Spin-off companies, the decline of "reflective enquiry" and employers' unacknowledged enthusiasm for arts graduates all came up for debate at a conference in Cambridge, titled The Future of Research-Intensive Universities in the UK and Europe.
Speaking at the event last week, Lord Rees, president of Trinity College, Cambridge, noted that the 1963 Robbins report on higher education, unlike its successors, had stressed that "reflective enquiry" was crucial to university life.
"Intellectual freedom, time and a supportive environment" were among the crucial factors that had helped the University of Manchester's Andre Geim and Konstantin Novoselov to win the 2010 Nobel Prize for Physics, he added. The key today was "attracting more people into academia to produce the best research", which is many times more valuable in the long run than the "merely good".
Baroness Blackstone, former vice-chancellor of the University of Greenwich, argued that all universities should do some research so that as many students as possible were exposed to "research-based teaching".
With research funding already highly selective, it was vital to ensure that this trend did not go any further, she said.
What was required instead was "a fluid system" that allowed institutions to "move towards greater and better research over time, rather than setting existing levels in stone".
A comment from the floor suggested that research-intensive universities needed to look at where they were going wrong, for example in using postgraduates purely to further the research goals of their supervisors.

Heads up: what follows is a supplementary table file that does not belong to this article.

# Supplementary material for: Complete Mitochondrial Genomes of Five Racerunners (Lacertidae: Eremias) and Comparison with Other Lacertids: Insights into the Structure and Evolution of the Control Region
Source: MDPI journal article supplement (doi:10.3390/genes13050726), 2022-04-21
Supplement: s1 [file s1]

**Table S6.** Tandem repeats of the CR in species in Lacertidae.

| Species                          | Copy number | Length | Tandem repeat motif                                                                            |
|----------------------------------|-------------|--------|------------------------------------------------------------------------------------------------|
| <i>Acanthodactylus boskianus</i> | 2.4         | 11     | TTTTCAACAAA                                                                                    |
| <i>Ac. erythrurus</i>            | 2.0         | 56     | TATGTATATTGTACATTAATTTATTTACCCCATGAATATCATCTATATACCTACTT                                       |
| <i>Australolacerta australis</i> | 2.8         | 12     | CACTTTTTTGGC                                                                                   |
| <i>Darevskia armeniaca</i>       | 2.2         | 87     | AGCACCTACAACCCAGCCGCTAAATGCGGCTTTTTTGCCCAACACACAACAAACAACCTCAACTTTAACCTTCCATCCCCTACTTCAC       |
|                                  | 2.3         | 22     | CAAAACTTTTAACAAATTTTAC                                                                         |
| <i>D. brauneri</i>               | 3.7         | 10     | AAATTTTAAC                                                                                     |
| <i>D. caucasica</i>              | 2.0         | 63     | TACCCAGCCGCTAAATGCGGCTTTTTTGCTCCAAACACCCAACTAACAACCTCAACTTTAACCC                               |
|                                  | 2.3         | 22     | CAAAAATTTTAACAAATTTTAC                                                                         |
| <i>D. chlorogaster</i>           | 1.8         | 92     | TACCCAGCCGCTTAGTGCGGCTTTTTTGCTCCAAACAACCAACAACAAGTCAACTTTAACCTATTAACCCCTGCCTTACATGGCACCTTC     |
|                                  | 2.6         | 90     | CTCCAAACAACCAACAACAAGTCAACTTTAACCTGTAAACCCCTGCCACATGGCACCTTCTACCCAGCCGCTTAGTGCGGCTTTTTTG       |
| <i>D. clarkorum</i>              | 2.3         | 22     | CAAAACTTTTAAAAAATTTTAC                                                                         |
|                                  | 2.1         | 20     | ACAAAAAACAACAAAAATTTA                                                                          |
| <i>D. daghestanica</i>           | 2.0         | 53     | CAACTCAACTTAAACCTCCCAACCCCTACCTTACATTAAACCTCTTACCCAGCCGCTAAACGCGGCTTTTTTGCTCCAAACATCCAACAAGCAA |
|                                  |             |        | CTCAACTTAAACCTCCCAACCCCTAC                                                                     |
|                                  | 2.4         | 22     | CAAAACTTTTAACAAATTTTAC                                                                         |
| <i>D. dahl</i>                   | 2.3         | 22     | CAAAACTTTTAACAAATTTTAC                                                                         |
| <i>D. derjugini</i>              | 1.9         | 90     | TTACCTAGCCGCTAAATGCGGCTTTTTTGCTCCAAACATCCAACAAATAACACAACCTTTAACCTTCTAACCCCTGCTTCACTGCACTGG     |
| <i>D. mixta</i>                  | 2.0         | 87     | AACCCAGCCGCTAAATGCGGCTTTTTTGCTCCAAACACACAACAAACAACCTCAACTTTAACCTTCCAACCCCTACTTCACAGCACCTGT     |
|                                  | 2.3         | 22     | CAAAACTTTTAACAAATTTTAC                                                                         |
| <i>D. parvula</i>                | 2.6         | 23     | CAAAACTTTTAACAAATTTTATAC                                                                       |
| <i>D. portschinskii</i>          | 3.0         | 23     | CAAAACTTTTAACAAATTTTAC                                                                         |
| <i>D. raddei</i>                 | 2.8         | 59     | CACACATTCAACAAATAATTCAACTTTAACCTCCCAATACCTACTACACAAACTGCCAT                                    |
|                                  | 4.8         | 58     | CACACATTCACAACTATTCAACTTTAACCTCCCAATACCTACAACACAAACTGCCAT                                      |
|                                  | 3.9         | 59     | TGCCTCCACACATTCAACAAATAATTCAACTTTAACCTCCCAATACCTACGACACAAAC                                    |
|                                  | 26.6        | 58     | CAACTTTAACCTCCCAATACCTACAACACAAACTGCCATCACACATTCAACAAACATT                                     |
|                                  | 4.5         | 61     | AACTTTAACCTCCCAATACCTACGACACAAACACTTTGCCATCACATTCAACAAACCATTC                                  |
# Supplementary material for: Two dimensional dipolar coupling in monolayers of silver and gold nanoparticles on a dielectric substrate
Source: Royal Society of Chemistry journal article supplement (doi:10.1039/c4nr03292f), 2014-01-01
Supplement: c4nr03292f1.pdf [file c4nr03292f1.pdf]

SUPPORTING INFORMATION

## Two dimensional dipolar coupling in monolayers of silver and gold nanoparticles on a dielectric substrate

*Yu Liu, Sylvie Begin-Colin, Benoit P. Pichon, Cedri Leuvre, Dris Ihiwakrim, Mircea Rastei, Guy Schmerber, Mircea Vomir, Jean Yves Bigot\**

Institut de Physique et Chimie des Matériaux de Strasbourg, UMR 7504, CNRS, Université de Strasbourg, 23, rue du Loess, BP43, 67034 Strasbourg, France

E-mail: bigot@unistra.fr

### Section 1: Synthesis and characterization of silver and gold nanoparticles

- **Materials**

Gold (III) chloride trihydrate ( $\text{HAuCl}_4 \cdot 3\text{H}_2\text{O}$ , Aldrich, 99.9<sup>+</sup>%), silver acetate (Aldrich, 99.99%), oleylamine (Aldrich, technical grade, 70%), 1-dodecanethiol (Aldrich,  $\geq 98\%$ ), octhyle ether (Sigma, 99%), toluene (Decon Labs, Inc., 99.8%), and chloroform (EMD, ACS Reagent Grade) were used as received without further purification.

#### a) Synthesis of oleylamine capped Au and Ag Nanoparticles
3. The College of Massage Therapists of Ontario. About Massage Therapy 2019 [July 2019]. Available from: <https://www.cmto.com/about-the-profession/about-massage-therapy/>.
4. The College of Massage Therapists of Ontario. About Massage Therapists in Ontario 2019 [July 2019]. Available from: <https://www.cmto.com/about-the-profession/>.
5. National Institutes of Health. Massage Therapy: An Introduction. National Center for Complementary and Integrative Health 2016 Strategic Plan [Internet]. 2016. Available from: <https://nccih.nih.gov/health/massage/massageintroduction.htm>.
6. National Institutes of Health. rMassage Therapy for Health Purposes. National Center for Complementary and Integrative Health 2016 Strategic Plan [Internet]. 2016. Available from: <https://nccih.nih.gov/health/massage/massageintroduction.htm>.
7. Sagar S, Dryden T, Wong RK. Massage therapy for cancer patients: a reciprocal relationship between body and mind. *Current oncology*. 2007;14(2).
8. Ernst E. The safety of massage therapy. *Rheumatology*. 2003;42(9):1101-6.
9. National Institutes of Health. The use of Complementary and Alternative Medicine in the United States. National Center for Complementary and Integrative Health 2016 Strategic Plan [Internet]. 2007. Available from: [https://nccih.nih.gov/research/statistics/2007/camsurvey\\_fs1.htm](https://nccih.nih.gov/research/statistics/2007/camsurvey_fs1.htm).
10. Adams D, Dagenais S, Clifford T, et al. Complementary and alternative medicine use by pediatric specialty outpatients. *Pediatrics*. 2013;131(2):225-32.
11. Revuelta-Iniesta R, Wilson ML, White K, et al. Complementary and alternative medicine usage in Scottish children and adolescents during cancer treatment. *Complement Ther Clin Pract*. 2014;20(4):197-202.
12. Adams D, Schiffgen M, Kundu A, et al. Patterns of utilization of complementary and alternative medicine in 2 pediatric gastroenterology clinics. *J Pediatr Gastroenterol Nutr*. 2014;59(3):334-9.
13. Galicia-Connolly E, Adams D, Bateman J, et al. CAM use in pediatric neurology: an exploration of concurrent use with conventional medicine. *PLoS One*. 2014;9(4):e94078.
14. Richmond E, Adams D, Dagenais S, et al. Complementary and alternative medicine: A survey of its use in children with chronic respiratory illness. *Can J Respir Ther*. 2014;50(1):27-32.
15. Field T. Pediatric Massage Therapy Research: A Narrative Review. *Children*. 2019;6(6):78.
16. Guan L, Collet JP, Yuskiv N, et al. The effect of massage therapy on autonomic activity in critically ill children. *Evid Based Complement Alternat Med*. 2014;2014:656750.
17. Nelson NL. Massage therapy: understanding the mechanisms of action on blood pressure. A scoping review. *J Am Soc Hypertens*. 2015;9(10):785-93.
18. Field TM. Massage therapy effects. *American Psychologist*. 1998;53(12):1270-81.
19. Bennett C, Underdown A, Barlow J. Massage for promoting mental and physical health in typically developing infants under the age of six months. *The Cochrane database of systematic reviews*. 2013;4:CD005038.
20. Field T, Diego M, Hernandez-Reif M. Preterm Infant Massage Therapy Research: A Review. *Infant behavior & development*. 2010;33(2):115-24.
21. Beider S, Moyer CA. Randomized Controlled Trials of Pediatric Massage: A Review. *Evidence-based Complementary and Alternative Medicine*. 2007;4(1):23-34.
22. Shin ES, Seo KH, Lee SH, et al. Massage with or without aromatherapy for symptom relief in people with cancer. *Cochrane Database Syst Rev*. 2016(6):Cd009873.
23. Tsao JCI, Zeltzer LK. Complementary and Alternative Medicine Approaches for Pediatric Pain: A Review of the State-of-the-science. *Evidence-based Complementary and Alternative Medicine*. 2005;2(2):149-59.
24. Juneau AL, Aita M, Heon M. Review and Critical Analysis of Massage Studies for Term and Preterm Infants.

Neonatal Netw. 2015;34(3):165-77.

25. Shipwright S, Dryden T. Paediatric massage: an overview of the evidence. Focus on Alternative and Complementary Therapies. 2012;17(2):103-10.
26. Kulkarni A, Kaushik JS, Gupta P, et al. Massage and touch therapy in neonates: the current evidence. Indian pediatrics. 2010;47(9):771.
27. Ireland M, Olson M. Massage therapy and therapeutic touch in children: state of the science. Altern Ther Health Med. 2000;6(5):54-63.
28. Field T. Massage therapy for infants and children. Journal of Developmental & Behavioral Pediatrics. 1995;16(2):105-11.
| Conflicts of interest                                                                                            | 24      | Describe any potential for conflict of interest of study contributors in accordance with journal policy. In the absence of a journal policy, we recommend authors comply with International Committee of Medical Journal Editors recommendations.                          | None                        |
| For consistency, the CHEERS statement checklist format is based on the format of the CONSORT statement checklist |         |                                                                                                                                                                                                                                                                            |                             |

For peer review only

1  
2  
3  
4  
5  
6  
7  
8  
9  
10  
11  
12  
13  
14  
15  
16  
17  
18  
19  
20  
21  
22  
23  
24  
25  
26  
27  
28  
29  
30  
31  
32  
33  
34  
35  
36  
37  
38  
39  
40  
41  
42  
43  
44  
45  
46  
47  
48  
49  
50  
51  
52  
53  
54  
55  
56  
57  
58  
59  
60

Another claimed that the "institutional anxieties and neuroses" that beset younger academics were now "squeezing out reflective enquiry".
Chris Higgins, vice-chancellor of Durham University, said he had started training as a violinist at the Royal College of Music before becoming a geneticist - and still considered himself to be a "failed musician" rather than a "successful scientist".
The complete university, he argued, needed to be "research-led across the boundaries" between science, technology, engineering and maths subjects and the social sciences and humanities.
Not only were the skills and employment prospects offered by the subjects essentially the same, he said, but most of today's "critical research problems" required input from multiple disciplines.
Other participants agreed that although employers often claimed to want more science graduates, they were in reality happy to take on high-achieving arts students.
Another session examined the role of knowledge transfer. It was something of an illusion, suggested David Cleevely, founder director of the University of Cambridge's Centre for Science and Policy, to believe there was "an Aladdin's cave of intellectual property" in the sector.
Although someone had described Cambridge as "a veal factory" that sold its best ideas too early, hopes for income from such sources were often grossly exaggerated, he said.